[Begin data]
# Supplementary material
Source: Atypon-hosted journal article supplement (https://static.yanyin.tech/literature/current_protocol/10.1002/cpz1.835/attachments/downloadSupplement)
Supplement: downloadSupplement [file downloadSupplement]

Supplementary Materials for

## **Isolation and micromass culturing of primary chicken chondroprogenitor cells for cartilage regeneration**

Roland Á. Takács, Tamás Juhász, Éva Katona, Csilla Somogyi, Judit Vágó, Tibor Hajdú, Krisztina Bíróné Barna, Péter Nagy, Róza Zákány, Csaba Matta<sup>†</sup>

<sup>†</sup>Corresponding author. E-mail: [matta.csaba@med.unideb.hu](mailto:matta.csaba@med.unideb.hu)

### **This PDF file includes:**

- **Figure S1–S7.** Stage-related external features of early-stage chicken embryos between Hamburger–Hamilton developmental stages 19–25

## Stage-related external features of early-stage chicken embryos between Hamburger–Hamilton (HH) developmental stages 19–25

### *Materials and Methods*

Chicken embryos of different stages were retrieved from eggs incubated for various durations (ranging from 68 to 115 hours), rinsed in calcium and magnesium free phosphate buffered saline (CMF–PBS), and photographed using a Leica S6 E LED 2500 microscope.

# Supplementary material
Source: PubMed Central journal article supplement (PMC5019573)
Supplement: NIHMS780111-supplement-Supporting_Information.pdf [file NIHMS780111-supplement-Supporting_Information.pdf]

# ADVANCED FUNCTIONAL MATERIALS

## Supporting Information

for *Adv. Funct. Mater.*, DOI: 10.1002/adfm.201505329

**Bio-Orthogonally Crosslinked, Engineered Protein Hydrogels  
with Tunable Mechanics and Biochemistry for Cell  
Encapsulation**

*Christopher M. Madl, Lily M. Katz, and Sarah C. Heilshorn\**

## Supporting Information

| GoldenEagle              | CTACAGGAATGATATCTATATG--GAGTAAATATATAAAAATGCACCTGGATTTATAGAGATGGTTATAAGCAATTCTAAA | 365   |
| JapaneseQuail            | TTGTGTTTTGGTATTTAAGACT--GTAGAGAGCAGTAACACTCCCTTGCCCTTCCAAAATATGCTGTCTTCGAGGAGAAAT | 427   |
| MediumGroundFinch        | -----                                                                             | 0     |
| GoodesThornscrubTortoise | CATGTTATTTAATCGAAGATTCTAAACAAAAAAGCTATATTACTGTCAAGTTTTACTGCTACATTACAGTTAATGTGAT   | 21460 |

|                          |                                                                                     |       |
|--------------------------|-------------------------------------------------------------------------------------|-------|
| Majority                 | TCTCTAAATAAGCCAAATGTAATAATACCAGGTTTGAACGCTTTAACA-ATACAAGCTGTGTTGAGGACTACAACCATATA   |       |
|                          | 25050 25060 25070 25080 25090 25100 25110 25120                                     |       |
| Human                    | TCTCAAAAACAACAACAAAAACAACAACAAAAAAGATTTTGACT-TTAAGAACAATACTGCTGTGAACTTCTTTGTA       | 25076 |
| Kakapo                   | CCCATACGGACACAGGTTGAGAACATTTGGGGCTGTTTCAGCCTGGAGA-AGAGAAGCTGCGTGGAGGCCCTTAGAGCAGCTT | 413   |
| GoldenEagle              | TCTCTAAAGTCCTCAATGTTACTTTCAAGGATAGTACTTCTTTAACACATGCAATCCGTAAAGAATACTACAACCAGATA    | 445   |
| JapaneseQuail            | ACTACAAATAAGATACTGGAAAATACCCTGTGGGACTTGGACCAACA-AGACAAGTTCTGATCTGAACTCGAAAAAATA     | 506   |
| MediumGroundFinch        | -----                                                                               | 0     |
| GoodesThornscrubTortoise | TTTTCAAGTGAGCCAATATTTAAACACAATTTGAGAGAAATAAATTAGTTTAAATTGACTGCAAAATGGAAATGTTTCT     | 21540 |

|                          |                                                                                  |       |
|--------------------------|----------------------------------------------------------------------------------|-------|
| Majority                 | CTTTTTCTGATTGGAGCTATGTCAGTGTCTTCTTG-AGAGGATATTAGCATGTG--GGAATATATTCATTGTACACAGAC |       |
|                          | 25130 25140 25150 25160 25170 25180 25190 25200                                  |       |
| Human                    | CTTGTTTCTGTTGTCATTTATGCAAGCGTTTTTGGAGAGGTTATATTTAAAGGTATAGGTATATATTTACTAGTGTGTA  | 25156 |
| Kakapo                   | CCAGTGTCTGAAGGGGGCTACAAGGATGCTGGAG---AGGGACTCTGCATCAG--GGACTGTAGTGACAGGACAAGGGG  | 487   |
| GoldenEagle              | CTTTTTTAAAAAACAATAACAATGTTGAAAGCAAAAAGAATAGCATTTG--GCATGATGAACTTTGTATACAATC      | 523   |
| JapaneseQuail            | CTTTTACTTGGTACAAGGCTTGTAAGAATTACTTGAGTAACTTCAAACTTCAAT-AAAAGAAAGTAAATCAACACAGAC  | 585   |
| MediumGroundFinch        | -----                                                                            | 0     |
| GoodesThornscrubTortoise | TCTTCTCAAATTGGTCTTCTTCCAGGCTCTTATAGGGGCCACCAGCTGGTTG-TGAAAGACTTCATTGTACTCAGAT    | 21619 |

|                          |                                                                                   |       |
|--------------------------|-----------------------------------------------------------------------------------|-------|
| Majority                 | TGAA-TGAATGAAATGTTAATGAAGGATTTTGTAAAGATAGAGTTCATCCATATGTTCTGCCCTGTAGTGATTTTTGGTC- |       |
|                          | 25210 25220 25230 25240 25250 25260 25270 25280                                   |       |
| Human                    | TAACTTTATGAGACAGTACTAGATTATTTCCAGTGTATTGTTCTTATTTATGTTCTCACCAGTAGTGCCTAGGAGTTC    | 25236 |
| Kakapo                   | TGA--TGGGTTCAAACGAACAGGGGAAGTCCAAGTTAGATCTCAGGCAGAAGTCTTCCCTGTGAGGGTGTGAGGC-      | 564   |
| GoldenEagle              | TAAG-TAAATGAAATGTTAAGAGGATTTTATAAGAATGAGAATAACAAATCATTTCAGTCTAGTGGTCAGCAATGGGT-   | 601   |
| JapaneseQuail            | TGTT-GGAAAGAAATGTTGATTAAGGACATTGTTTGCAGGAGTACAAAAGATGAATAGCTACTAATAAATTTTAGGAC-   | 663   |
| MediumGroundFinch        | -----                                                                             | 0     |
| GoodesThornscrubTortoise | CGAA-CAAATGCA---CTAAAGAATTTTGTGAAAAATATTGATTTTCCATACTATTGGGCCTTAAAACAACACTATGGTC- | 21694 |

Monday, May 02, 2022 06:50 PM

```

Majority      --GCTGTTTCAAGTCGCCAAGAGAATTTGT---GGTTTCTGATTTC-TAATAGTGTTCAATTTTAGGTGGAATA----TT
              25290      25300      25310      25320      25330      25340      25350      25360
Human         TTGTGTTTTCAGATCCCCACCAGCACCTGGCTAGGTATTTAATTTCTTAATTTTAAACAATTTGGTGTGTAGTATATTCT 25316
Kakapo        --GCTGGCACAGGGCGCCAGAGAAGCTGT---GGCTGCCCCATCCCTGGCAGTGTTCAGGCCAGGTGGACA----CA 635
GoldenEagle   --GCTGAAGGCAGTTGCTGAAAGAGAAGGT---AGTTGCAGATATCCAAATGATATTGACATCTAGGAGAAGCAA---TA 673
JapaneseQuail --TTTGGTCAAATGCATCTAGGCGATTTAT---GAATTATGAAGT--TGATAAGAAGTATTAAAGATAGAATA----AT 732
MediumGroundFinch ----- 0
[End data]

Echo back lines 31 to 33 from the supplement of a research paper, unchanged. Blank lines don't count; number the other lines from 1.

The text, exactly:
|                          | 25050 25060 25070 25080 25090 25100 25110 25120                                     |       |
| Human                    | TCTCAAAAACAACAACAAAAACAACAACAAAAAAGATTTTGACT-TTAAGAACAATACTGCTGTGAACTTCTTTGTA       | 25076 |
| Kakapo                   | CCCATACGGACACAGGTTGAGAACATTTGGGGCTGTTTCAGCCTGGAGA-AGAGAAGCTGCGTGGAGGCCCTTAGAGCAGCTT | 413   |